Types of Garden Enemies
Fig. 32

Leaf miners are chewing insects which tunnel between upper and lower leaf surfaces. Their mines are irregular blotches, or conspicuous winding or serpentine markings, or, as with the birch leaf miner, a blighting of the major portion of a leaf. Miners are fly maggots, beetle grubs, sawfly larvae, and occasionally caterpillars. Until recently they could be con- trolled at only one brief period-when the adult emerged to lay eggs- but with some of the new insecticides it is possible to kill young larvae inside a leaf.

ARBORVITAE LEAF MINER (Argyresthia thuielld).
Larvae of this moth and two other species mine the foliage tips, eating out the inside of the leaves and turning them conspicuously white or tan. They are small green caterpillars with a reddish tinge, black heads. They pupate in May, and small gray moths lay eggs in May and June.

Control. Two applications of DDT during the month of adult flight give excellent control but markedly increase injury from spruce mites. Parathion is effective but dangerous to use; perhaps it can be replaced by the somewhat safer malathon. Nicotine sulfate gives some control.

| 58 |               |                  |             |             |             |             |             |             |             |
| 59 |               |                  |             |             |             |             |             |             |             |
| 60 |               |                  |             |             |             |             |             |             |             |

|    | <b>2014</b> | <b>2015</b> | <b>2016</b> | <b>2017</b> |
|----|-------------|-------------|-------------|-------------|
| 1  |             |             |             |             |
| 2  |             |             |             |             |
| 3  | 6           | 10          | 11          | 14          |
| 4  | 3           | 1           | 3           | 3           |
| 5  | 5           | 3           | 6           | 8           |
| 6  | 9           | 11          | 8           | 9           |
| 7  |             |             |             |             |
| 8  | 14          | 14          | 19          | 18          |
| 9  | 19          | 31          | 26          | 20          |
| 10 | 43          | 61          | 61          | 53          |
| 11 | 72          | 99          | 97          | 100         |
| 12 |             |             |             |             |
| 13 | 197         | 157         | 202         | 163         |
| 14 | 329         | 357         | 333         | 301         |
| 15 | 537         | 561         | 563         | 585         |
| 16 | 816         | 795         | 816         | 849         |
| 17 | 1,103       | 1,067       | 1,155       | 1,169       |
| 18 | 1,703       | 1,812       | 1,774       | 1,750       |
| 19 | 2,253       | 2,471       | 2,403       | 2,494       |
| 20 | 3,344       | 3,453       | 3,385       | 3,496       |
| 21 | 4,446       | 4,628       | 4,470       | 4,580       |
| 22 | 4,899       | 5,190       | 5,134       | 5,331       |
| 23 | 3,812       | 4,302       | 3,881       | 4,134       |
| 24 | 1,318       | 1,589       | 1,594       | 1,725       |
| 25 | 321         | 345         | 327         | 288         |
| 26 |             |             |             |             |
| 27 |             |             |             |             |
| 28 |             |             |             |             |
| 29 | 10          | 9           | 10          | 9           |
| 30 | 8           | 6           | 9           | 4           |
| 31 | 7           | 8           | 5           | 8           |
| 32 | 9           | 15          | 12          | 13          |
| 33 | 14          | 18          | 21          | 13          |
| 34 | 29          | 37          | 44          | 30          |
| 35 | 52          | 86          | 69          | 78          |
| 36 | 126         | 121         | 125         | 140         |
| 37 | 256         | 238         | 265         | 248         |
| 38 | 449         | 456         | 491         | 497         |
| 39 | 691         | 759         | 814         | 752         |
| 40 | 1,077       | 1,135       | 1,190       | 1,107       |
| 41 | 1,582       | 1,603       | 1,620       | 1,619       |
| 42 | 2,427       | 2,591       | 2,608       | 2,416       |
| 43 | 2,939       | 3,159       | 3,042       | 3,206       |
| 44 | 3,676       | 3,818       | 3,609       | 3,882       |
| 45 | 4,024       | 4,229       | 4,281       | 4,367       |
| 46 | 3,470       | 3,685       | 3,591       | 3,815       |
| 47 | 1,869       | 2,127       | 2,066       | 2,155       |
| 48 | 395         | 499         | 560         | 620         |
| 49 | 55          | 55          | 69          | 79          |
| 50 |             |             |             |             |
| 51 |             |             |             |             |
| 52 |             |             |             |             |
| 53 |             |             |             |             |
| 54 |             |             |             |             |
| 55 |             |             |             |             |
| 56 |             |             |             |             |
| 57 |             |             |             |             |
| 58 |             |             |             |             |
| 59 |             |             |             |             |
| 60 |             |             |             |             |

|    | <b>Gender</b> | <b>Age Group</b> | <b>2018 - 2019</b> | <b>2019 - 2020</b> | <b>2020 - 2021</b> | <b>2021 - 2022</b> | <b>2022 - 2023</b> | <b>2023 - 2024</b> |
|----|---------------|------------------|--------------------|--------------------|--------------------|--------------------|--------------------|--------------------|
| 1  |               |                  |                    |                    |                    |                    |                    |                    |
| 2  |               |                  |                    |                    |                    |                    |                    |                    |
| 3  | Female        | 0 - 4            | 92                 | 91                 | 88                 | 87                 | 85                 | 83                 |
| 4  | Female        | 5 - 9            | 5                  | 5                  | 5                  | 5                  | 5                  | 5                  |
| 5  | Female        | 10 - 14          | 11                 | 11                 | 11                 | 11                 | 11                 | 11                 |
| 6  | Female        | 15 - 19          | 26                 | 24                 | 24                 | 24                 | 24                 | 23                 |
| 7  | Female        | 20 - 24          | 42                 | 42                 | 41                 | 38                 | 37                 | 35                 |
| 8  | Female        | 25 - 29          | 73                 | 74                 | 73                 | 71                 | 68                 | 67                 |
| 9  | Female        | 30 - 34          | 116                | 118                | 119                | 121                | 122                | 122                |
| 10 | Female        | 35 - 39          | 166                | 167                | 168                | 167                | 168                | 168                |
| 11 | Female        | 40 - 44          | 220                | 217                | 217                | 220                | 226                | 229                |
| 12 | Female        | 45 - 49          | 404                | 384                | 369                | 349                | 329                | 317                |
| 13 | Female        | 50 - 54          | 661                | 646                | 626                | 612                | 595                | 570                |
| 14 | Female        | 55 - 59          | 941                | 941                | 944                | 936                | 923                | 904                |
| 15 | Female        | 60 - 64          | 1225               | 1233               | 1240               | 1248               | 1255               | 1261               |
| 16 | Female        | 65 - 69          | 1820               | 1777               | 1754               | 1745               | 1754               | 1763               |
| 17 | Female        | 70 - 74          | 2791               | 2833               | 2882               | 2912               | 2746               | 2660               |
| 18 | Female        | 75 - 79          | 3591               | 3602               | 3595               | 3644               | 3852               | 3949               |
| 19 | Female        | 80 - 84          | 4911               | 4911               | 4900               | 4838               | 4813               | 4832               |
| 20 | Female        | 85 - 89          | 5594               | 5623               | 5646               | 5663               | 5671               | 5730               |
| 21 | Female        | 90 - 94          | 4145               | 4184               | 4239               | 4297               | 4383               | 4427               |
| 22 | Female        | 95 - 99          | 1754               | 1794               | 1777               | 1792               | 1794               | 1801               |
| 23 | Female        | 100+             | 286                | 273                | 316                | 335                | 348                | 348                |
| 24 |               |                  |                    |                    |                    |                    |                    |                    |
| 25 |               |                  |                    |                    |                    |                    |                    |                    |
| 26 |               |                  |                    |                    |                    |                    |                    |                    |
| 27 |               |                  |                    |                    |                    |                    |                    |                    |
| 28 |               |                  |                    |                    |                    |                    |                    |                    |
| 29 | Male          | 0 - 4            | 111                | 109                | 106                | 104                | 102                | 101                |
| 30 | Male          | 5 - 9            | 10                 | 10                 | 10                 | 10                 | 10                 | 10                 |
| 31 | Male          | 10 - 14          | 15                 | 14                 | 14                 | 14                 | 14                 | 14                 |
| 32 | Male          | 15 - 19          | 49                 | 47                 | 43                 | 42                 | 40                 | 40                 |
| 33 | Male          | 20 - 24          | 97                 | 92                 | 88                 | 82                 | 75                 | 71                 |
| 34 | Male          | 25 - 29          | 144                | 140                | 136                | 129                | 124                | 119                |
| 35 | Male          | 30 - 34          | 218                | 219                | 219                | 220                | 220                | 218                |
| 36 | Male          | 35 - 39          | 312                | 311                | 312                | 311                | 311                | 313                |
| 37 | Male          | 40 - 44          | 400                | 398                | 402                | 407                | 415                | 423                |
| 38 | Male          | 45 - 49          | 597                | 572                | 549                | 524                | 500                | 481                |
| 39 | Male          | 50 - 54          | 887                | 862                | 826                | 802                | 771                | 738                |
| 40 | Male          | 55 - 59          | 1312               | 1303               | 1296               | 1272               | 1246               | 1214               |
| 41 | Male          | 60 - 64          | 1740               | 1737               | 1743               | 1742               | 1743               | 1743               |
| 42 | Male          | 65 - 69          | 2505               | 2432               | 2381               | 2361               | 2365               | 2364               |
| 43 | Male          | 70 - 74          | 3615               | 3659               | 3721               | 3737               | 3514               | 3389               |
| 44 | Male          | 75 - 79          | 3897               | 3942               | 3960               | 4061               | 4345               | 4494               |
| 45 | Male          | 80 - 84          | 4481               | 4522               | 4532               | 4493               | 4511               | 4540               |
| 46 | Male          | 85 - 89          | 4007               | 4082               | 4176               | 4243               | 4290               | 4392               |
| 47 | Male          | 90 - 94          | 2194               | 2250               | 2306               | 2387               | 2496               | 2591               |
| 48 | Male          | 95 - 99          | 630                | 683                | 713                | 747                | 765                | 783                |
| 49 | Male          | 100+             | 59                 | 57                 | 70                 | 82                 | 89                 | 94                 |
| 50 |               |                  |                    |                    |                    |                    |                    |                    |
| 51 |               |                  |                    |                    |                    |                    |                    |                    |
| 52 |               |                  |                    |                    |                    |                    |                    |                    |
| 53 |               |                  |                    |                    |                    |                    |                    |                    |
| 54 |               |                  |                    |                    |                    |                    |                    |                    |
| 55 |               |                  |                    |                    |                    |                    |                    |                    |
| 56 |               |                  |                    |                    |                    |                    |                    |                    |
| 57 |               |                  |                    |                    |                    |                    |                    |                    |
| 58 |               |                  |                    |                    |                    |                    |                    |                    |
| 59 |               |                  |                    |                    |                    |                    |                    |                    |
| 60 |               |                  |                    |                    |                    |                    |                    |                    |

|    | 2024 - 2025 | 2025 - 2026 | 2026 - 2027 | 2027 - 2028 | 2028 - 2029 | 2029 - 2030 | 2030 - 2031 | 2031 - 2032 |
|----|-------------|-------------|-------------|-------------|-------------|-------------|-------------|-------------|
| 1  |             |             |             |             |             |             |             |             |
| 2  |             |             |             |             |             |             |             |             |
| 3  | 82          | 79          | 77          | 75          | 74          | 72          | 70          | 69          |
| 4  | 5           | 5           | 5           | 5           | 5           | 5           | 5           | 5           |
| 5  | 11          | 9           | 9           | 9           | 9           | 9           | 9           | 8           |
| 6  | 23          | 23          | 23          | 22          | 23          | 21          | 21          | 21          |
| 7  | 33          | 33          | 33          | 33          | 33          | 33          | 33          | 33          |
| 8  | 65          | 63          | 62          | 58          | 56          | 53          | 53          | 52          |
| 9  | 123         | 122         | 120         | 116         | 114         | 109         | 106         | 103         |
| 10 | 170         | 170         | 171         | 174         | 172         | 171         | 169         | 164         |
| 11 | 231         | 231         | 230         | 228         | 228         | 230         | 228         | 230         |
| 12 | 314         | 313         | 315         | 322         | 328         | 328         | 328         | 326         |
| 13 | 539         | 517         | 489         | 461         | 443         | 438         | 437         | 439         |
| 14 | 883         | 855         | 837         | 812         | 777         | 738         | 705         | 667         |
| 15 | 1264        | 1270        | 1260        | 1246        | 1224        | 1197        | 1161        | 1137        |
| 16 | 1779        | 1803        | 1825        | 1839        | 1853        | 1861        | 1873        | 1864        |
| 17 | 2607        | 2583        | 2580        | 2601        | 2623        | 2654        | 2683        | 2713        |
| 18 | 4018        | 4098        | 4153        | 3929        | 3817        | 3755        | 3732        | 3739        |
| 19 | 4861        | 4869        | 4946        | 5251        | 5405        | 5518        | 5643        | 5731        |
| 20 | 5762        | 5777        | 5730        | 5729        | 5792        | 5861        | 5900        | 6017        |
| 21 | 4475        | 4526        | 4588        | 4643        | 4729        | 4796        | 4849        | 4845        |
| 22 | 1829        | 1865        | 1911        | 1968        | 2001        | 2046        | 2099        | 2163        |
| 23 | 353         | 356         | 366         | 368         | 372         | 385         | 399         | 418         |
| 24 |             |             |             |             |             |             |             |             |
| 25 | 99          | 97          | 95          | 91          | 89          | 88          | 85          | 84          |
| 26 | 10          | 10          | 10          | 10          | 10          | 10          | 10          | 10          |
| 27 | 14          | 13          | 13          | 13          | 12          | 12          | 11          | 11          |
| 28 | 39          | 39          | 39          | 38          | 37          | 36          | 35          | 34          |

AZALEA LEAF MINER (Gracilaria azaleelld).
This is a greenhouse pest in the North, sometimes a garden problem in the South. Small yellow caterpillars feed between leaf surfaces causing blisters; later they come out of the blisters, roll the leaves, feed inside that protection, and then make a cocoon there. Parathion dust has been satisfactory in greenhouses; lead arsenate can be used on garden shrubs before leaves are rolled.

Fig. 33
BIRCH LEAF MINER (Fenusa pusilla).
This sawfly causes the brown blighted birches that are such a blot on the landscape through the Middle Atlantic States. Larvae winter in small cells in the ground, pupating in spring. Small black sawflies emerge about the time new leaves develop and lay eggs in leaf tissues over a 3-week period. As many as 15 or 20 larvae develop in a single leaf, and their mines run together to form a large brown blotch, often covering more than half the leaf, in which you can see small black specks of excrement. The larvae drop to the ground to pupate, and second-brood adults appear in late June.

Control. The old nicotine sulfate and soap recommendation was not very effective, and DDT does not do so good a job here as for other leaf miners. Chlordane and lindane are both efficient. Start spraying when you see small gray kidney-shaped areas in leaves when held up to the light (about mid-May). Spray for the second brood in late June, and repeat 2 weeks later.

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